Kimbap (Korean Seaweed Rice Rolls) Recipe

Kimbap, one of Korea's most popular snacks, can have all sorts of fillings; this very classic version is a great place to start.

Vicky Wasik

Why It Works

  • Salting the cucumber draws out excess moisture.
  • Sautéing some of the ingredients softens them just enough to make the rolls easier to form and eat.

Gimbap (also sometimes spelled "kimbap") is the perfect meal on-the-go, a common sight at bus stations and a must-have at school picnics. The only limit for kimbap fillings is your imagination: You can find tuna, avocado, chicken, shrimp, and bulgogi kimbap. Basically, you can feel free to add whatever you want to the roll. But for this recipe, I'm introducing the most common ingredients for a classic Korean kimbap roll, including imitation crab stick, ham, pickled radish, braised burdock root, egg, carrot, fishcake, and cucumber.

One of the biggest challenges for the first-time kimbap maker is finding all of the ingredients. The pickled daikon (danmuji in Korean) can come as a whole pickled radish that needs to be cut into strips or as pre-cut sticks ready for kimbap. Either works here, but if you do cut your own, you'll want to make the sticks about 1/4 inch thick or smaller, and about as long as the seaweed sheets themselves. Don't worry about the color of the pickled daikon radish: yellow, white, beige all work.

Examples of what the pickles radish and braised burdock products look like.
At right, pickled whole radish in three colors (beige, white, and yellow). At left on top, braised burdock in its own package. At left on the bottom, a combo pack of pickled daikon strips and braised burdock, ready for kimbap.

The braised burdock is often sold in packages by itself, but you may be able to find combo packs of pickled daikon and braised burdock, which are especially convenient.

For those looking for fishcake (often called odeng or eomuk), the photo below may help you track it down.

Fishcake for gimbap
A package of fishcake for kimbap.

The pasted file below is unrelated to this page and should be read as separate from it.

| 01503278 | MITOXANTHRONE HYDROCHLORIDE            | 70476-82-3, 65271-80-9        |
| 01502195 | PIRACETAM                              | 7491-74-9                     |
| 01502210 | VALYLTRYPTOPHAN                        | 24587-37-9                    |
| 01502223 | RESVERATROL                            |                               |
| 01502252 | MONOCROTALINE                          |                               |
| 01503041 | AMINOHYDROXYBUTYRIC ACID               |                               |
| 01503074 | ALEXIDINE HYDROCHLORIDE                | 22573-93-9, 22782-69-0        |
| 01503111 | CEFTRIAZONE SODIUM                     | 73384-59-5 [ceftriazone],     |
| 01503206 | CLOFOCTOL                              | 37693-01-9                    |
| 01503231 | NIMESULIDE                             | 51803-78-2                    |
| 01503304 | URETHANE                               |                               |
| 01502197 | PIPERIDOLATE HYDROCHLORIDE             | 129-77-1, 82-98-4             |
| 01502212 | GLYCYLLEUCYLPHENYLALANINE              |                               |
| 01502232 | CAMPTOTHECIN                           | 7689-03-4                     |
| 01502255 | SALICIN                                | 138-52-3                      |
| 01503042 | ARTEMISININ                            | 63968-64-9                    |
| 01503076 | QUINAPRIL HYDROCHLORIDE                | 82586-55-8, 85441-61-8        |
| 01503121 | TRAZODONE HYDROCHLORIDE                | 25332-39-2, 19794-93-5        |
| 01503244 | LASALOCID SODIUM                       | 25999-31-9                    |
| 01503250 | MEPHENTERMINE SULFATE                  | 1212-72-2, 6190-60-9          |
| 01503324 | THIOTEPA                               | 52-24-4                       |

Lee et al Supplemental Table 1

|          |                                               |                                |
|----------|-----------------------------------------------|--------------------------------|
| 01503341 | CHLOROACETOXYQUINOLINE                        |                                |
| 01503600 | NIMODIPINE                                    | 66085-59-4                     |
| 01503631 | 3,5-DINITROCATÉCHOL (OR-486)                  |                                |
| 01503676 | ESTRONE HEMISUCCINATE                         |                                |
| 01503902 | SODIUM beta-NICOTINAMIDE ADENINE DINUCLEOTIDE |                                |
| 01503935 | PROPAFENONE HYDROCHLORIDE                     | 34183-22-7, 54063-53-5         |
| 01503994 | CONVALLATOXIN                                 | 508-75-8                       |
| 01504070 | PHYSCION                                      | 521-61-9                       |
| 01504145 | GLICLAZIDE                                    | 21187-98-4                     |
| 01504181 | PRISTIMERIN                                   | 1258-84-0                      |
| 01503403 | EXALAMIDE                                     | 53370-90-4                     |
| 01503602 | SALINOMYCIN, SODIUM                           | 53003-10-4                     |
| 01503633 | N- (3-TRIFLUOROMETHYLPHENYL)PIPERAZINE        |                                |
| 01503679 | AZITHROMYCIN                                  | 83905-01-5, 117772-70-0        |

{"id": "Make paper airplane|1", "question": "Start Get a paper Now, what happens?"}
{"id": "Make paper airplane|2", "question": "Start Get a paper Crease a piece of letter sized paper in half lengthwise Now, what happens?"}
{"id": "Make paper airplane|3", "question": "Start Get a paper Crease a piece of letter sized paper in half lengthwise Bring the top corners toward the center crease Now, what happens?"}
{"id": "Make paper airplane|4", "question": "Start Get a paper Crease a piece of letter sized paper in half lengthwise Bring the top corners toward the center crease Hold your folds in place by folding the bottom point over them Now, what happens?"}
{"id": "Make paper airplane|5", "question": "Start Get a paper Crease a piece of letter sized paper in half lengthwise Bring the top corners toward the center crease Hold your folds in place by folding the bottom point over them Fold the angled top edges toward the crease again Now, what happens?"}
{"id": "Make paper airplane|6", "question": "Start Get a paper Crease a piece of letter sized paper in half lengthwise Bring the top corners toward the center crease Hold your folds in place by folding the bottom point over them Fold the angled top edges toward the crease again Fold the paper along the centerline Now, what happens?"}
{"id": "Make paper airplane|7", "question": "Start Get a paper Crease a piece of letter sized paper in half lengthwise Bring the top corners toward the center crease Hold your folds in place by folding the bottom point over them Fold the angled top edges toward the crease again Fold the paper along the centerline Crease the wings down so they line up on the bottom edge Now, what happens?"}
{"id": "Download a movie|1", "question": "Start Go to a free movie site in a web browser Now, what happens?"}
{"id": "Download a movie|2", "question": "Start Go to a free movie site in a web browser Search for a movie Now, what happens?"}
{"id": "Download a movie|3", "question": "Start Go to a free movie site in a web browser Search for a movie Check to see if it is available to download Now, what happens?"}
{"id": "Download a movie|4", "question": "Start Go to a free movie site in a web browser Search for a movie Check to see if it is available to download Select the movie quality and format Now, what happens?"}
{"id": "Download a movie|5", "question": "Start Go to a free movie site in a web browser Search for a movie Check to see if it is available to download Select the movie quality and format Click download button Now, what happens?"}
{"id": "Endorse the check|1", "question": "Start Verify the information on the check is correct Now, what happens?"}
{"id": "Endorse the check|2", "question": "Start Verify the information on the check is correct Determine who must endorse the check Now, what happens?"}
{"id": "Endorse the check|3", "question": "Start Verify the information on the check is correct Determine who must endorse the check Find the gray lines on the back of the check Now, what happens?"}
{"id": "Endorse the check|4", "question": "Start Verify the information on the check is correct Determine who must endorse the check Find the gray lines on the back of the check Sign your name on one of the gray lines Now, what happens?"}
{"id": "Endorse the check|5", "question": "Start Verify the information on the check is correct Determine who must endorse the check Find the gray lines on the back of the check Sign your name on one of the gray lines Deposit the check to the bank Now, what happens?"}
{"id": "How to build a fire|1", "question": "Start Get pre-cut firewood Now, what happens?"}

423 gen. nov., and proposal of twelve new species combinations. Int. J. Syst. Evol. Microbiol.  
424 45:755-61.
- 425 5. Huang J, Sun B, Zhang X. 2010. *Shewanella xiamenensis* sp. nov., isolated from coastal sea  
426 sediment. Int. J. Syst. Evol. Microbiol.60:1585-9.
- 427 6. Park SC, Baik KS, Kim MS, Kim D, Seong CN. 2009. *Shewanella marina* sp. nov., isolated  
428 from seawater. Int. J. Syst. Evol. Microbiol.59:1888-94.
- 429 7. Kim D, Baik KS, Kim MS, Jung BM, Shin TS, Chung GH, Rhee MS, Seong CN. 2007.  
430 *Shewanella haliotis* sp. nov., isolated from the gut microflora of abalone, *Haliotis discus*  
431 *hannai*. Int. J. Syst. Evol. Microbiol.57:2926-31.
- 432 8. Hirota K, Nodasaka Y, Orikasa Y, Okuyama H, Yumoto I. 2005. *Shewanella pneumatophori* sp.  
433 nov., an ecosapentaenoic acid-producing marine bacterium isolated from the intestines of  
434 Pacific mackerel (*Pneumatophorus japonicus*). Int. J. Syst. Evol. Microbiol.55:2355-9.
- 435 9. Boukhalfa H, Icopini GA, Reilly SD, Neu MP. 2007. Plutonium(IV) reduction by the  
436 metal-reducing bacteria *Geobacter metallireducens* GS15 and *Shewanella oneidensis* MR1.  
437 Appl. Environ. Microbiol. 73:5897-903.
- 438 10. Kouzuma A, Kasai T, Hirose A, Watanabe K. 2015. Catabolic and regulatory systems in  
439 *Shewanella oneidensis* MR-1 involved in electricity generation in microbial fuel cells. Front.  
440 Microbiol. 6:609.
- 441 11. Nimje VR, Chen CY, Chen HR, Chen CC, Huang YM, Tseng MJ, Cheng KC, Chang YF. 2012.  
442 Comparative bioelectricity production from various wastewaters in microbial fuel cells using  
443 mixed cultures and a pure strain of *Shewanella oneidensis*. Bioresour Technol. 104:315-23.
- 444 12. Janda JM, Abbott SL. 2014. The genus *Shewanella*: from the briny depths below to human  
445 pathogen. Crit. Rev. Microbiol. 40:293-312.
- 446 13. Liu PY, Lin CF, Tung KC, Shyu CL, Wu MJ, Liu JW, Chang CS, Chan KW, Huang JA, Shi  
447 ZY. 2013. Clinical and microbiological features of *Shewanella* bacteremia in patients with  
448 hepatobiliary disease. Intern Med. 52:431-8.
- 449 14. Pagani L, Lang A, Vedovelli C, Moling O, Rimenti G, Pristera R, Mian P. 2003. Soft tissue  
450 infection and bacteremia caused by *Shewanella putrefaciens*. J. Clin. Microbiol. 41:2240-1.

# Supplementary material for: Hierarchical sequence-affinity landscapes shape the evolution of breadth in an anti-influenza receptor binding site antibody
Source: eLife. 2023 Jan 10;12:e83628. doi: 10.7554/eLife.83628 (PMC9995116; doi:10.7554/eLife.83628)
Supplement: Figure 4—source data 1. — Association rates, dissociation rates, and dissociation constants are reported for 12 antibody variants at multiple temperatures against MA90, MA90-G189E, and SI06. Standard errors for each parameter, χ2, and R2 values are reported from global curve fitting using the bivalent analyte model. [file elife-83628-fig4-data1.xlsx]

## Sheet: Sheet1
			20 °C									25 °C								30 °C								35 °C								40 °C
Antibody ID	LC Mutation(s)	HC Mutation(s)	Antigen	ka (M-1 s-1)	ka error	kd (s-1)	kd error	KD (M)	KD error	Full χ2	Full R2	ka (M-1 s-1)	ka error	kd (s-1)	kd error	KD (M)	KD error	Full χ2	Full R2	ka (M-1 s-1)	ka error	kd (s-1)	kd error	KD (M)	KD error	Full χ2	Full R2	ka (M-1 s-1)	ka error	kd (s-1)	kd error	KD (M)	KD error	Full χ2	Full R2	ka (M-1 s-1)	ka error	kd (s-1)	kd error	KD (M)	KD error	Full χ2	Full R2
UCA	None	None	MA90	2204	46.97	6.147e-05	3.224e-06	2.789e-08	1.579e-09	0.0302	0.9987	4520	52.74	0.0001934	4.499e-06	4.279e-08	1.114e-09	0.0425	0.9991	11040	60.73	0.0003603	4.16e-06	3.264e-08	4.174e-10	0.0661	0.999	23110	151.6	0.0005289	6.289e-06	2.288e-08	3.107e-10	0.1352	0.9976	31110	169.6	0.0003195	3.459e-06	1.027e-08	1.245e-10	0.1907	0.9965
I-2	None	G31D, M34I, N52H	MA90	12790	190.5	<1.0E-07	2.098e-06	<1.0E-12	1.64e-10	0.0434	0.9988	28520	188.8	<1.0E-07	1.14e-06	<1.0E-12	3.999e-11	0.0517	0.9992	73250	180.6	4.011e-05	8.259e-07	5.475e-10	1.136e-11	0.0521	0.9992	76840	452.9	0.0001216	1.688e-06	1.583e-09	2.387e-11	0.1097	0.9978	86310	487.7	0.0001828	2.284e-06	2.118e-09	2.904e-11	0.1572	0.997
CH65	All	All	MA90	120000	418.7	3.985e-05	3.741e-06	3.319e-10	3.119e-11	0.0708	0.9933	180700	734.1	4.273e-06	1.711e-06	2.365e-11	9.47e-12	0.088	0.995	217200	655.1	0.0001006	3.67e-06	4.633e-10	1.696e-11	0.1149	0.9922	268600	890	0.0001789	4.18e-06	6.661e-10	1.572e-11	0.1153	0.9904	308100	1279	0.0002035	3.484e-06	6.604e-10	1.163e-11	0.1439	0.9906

Ultimately, whatever you use, the key is to prepare it all so that it will work in the roll. That means cutting everything into thin strips that are preferably long enough to run through the roll from end to end, or as close to it as possible.

Fillings for kimbap ready for action on a platter.
Fillings for kimbap should be long and thin; generally less than 1/4 inch thick and long enough to fill the roll from end to end.

Recipe Facts

Active: 60 mins
Total: 60 mins
Serves: 6 to 8 servings
Makes: 40 pieces

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  • 1 large (12-ounce; 340g) cucumber

  • Sea or kosher salt

  • 3 large eggs

  • Vegetable oil, for greasing the pan

  • 6 long strips ham for kimbap (each about 1/4 inch or less thick)

  • 1 medium (8-ounce; 240g) carrot, julienned

  • 3 sheets flat odeng fishcake, cut lengthwise into 1/4-inch strips

  • 2 teaspoons (10ml) grain syrup or oligosaccharide syrup (sold as “oligodang” at the Korean markets)

  • 1 teaspoon (5ml) soy sauce

  • 1 whole danmuji (pickled radish) or 6 pre-cut long danmuji sticks for kimbap

  • 6 long pieces Korean braised burdock root for kimbap

  • 3 long strips of artificial crab meat (surimi in Japanese), cut in half lengthwise for a total of 6

  • 3 cups cooked short-grain (sushi) rice, hot (see note)

  • 1 1/2 tablespoons (22ml) sesame oil, plus more for brushing

  • 1 1/2 tablespoons crushed roasted sesame seeds

  • 6 square sheets gim (sold as nori in Japanese) for gimbap or sushi


  1. Trim cucumber ends and cut it in half lengthwise. Using a spoon, scrape out the seeds from each half. Cut each half lengthwise into three long strips to make 6 strips total. Place cucumber strips on a plate, sprinkle all over with salt, and toss well to coat. Set aside.